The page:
Alabama Pioneers HonoredBiographiesGenealogy Information

BIOGRAPHY: Abram Mordecai Revolutionary War soldier born October 24, 1755 – photographs

Click…/to see how to honor your ancestor as a Notable Alabama Pioneer


mordecai, abram historical marker




Montgomery and Tallapoosa County, Alabama

Abram Mordecai was born October 24, 1755, in Pennsylvania. He was a Jewish veteran of the Revolutionary War who settled in Indian country at an early day.

In 1783, he settled in Georgia where he became a successful trader among the Cusseta Indians. Abram was the first U. S. Citizen and probably the first Jewish citizen to settle in what would later become Montgomery County, Alabama.

He moved his family to in the Creek town of Econochaca (Holy Here he served as a go-between for the Creeks, trading furs, medicinal plants, and other items for European goods and utensils acquired in Pensacola, Savannah, and other cities along the southeastern seaboard. His trading house was two miles from Line Creek. (now in Chambers County).

“Mordecai married a Creek woman, believing (along with many others during this period) that Native Americans were descendants of one of the fabled Lost Tribes of Israel. In fact, many sources indicate that he initially attempted to speak with the Creeks in Hebrew, in the belief that their language was actually a dialect of his language. He became known among the Creeks as Muccose, or Little Chief.”abraham_modecai

“In the 1790s, the federal government initiated what was known as the “plan of civilization,” which aimed to encourage Native Americans to give up hunting and gathering and to adopt farming and manufacturing as their livelihood, with the ulterior motive of acquiring their vast hunting lands.

Toward that end, Benjamin Hawkins, administrator of the plan, enlisted Mordecai’s aid in 1802 to establish a cotton gin near the Creek towns along the Alabama River, in present-day Montgomery County, Alabama.”i

On the confluence of the Coosa and Tallapoosa, he installed a cotton gin manufactured by Lyons & Barnett, a firm owned by two Jewish families in Georgia. The gin was built along a trading path that would become part of the route of the Federal Road, near a racetrack owned by Creek leader Charles Weatherford (father of future Red Stick Creek leader William Weatherford).

“Mordecai lived among the Creeks and managed his gin and trading business in relative peace. In one notable incident, however, he angered a local chieftain by offering too much attention to a married woman in his town and apparently lost an ear in the resulting skirmish. He encountered more serious danger when he served with the Georgia Militia during the War of 1812.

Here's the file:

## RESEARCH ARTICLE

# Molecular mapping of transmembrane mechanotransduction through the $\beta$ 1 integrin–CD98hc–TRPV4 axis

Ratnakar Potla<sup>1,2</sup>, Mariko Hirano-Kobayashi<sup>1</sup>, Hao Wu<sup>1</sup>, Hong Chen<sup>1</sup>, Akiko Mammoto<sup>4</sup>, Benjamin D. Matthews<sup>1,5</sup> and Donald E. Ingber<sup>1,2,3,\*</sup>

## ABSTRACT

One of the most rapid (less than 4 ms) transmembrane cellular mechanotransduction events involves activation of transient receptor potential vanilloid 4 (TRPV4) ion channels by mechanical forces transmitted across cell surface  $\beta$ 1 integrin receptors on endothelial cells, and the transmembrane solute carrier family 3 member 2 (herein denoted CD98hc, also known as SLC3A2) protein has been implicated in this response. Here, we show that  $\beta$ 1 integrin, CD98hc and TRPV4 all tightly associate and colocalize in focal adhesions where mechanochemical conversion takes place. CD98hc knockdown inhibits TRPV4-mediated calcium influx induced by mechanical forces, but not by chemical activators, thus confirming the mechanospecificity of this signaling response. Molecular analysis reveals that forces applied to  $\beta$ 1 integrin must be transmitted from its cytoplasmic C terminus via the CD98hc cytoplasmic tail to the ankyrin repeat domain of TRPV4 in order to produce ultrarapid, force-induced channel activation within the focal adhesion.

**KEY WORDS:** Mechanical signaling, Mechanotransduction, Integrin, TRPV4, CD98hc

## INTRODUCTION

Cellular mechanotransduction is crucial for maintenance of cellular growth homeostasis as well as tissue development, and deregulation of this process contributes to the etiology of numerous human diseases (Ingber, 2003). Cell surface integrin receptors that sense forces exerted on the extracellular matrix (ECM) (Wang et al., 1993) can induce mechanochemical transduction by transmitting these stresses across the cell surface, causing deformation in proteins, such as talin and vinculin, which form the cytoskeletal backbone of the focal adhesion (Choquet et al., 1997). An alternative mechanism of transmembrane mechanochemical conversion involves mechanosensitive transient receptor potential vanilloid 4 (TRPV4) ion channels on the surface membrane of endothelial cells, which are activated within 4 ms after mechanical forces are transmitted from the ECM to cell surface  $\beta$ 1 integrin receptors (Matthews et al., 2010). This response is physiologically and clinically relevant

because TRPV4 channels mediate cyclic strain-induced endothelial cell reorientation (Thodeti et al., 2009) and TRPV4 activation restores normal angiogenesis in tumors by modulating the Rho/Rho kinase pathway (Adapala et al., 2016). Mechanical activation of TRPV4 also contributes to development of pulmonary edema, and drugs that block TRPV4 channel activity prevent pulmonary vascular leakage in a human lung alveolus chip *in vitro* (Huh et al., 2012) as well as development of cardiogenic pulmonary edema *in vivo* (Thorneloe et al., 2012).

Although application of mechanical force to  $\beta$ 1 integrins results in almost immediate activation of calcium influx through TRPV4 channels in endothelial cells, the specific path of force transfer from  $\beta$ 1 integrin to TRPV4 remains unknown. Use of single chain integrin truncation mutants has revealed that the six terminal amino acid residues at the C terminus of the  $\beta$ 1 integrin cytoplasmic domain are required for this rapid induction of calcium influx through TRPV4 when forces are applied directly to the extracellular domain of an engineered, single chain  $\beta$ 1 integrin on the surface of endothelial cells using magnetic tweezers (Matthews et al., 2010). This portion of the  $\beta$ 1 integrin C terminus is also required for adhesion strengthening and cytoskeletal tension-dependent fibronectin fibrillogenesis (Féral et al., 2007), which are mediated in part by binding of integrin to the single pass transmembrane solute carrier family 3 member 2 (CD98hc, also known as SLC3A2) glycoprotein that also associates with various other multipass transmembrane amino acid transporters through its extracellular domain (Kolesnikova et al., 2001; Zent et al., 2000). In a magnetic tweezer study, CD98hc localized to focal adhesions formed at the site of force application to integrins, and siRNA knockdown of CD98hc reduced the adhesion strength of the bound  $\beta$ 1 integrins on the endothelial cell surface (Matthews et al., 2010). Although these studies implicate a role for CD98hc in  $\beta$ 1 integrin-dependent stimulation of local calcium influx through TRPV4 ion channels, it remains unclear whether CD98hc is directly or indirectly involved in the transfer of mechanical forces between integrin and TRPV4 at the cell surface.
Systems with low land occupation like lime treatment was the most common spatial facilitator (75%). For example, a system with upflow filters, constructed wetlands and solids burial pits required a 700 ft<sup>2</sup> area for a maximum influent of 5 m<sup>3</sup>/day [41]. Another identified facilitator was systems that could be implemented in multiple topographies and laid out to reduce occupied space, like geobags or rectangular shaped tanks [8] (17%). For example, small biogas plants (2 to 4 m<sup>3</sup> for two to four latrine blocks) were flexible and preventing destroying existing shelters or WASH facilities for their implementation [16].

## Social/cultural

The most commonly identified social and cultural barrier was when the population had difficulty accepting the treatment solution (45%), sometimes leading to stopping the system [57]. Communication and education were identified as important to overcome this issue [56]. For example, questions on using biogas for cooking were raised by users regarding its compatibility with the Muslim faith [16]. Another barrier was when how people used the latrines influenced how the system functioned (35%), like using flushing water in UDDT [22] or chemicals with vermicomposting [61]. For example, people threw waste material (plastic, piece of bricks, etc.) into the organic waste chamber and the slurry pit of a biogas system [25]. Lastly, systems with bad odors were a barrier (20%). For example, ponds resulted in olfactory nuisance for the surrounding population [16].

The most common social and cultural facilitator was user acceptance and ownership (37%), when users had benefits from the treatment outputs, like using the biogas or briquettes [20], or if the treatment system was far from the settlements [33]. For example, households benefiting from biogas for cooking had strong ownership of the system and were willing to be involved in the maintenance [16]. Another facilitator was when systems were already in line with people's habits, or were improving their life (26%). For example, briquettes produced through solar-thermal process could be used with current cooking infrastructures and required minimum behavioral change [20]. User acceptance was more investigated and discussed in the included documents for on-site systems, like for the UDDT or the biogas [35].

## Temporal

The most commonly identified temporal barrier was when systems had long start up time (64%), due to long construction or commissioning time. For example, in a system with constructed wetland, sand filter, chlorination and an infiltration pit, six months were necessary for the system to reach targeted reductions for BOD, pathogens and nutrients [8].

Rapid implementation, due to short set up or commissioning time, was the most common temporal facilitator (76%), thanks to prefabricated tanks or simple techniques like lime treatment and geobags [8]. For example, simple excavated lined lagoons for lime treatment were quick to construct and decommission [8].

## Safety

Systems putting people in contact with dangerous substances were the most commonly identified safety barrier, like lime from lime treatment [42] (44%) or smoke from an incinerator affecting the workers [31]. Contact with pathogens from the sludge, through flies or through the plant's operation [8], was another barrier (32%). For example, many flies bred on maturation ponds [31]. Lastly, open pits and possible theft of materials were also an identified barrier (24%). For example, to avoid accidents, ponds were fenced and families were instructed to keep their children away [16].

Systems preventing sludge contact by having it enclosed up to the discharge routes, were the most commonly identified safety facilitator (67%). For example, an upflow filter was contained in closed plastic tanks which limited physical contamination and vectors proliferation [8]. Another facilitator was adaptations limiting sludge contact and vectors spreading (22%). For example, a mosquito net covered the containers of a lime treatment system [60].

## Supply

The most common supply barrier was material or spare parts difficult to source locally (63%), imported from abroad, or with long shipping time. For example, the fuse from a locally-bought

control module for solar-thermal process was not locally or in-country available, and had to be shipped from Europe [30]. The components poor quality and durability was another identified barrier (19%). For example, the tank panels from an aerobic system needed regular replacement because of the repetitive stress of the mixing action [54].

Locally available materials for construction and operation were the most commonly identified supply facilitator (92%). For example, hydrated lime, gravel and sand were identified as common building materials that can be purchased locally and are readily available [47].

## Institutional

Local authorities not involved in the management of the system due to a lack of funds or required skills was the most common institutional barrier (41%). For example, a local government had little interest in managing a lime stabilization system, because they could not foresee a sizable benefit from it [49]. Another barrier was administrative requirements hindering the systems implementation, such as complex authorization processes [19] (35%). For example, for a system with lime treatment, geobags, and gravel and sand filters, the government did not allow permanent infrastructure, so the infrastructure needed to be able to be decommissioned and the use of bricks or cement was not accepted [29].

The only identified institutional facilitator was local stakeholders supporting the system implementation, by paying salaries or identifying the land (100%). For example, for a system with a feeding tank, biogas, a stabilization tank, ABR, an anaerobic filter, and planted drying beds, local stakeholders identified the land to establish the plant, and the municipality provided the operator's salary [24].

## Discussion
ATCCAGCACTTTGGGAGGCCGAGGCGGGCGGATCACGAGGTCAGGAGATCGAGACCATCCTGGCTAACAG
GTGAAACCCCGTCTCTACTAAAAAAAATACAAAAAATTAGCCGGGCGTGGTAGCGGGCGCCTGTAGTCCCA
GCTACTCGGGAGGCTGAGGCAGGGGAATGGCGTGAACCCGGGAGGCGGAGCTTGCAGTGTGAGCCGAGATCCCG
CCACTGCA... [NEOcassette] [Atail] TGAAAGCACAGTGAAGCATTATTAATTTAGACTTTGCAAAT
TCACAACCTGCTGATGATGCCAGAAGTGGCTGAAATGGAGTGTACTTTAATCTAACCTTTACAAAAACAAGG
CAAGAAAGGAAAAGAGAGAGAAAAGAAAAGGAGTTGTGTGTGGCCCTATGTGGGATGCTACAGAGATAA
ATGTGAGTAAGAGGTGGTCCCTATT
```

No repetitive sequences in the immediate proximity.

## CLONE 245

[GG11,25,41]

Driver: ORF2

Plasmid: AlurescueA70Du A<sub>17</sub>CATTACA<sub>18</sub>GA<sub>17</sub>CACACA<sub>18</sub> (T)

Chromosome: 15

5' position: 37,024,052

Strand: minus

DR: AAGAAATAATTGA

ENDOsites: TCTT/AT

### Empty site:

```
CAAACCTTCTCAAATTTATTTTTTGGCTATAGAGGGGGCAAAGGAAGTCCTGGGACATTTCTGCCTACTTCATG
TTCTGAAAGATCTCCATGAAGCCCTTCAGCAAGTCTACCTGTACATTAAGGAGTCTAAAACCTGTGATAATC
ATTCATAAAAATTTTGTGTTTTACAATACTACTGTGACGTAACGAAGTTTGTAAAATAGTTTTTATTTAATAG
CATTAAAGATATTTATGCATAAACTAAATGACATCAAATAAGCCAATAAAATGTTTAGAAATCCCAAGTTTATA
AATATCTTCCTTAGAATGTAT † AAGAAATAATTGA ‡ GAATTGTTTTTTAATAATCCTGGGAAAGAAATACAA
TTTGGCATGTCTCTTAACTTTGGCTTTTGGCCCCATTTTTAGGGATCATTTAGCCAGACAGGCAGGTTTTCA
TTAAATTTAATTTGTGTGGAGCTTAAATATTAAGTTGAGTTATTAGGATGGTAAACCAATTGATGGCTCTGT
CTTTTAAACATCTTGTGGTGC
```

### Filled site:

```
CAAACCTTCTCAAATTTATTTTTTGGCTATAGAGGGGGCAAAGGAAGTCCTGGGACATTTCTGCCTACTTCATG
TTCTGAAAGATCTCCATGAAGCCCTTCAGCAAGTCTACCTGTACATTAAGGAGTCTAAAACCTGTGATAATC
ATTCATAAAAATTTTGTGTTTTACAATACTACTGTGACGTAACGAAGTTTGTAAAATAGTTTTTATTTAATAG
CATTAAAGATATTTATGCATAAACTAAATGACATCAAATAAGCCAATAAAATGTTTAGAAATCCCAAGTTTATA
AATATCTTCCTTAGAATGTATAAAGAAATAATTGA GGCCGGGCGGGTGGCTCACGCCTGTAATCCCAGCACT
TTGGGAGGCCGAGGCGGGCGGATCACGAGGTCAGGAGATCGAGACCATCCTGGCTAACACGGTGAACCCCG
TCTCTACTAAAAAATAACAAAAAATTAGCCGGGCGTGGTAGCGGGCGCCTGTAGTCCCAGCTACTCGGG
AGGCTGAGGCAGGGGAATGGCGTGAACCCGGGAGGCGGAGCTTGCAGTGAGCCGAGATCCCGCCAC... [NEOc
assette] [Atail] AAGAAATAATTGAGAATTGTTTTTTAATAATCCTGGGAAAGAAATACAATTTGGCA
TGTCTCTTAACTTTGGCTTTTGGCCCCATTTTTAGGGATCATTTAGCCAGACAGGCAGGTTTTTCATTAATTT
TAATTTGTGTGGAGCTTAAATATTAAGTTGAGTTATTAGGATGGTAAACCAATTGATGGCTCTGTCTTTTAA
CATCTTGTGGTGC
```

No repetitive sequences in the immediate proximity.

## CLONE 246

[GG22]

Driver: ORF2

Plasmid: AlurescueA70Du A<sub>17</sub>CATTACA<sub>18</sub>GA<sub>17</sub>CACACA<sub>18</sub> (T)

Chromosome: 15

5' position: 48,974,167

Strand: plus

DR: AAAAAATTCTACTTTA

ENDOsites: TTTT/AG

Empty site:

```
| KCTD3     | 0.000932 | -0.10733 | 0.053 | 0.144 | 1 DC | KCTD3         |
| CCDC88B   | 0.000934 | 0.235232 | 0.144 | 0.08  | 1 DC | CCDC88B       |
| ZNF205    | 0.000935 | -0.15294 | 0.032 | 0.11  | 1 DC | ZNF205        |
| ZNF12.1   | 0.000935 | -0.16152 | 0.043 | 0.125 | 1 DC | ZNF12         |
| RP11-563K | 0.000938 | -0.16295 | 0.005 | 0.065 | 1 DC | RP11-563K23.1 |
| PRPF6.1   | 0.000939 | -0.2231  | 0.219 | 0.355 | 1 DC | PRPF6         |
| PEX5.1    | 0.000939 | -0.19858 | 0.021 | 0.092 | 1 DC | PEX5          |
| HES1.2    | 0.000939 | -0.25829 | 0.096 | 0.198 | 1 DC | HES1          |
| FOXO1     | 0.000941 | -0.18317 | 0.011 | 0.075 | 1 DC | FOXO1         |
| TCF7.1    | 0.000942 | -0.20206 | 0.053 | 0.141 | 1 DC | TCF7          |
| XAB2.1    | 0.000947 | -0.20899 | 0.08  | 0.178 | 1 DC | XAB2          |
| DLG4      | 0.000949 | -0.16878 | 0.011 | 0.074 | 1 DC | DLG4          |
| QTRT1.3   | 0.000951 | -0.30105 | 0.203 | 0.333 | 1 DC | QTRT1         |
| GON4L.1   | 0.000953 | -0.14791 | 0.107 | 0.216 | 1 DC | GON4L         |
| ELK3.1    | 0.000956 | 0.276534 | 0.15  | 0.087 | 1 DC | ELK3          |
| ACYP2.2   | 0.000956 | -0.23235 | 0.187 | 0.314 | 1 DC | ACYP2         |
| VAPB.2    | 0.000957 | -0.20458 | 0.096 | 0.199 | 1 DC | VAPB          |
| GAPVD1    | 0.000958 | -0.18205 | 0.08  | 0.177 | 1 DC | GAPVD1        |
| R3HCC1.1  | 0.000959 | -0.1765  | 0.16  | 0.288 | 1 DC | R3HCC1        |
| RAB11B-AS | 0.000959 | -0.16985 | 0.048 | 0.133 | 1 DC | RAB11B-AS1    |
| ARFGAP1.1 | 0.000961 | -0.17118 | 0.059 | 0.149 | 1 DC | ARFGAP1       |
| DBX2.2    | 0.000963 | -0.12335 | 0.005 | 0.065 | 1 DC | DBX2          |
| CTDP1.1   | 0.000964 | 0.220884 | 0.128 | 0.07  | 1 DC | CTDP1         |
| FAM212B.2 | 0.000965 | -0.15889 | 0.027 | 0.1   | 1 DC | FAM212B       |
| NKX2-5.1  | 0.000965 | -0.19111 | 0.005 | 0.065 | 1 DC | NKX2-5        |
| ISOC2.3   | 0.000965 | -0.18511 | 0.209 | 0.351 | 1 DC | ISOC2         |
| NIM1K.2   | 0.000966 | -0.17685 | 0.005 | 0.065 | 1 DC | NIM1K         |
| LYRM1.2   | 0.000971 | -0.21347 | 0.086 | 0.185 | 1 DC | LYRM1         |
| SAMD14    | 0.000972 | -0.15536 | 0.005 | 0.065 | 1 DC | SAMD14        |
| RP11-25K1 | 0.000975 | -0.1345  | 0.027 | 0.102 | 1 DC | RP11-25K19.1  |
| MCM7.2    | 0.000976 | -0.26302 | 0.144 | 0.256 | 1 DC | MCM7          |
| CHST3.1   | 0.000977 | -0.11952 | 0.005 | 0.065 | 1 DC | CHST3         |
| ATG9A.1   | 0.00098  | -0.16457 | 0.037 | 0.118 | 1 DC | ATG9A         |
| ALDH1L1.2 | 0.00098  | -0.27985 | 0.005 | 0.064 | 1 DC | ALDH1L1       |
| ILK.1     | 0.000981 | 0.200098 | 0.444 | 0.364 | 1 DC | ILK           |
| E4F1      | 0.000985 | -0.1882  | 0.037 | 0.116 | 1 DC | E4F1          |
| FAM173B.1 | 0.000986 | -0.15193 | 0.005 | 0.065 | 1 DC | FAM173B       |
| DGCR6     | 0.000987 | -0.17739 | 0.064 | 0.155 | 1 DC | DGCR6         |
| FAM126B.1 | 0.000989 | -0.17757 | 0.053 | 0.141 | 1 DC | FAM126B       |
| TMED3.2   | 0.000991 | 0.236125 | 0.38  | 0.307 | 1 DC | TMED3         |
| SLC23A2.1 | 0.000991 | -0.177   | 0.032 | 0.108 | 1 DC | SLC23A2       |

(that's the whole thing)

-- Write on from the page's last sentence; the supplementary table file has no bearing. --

Upon his return from that service, he was immediately involved in the U.S. effort in the Creek War in 1813, acting as a trail guide through Creek territory for Gen. John Floyd. Allied with the traditionalist faction of the Creek Nation, Mordecai aided the federal troops in tracking down members of the Red Stick faction who had participated in the attack on white settlers and allied Creeks at Fort Mims on August 30.

Grave marker of Abraham Mordecai in Dudleyville, Alabama ca. 1933 by Robert Graves Studio, Alexander City, Alabama (from Alabama State Archives)


In November 1813, Mordecai led Floyd and his men as well as a force of allied Creeks under William McIntosh to the town of Autossee, located near present-day Shorter, in Macon County. There, the Red Sticks were routed, losing at least 200 men, and the town was burned. Mordecai again guided Floyd’s forces when they set out the following January for Red Stick strongholds at Econochaca and other nearby towns. However, Floyd’s men suffered a major defeat in a surprise Creek attack at Calabee Creek near Autossee. Mordecai also may have been present at the Battle of Horseshoe Bend, when the Red Sticks suffered their final defeat.”ii

Until Indians burned his equipment, he ginned his own cotton and that of his Indian neighbors. His gin, the first in Alabama, was the forerunner of those that sprang up after the Territory was formed in 1817 and pioneers with “Alabama Fever” rushed to claim the fertile soil.

“After the war, Mordecai returned to his trading store and continued to serve as a cotton broker until 1836, when the Creeks were forcibly removed from their land by the federal government. As a white man, Mordecai remained behind. Some reports indicate that his wife and an unknown number of children removed west to Arkansas and then Oklahoma. Other reports state that his wife had already died by 1836 and his children had moved from the area. In either case, Mordecai moved to Dudleyville, Tallapoosa County, and opened a store there.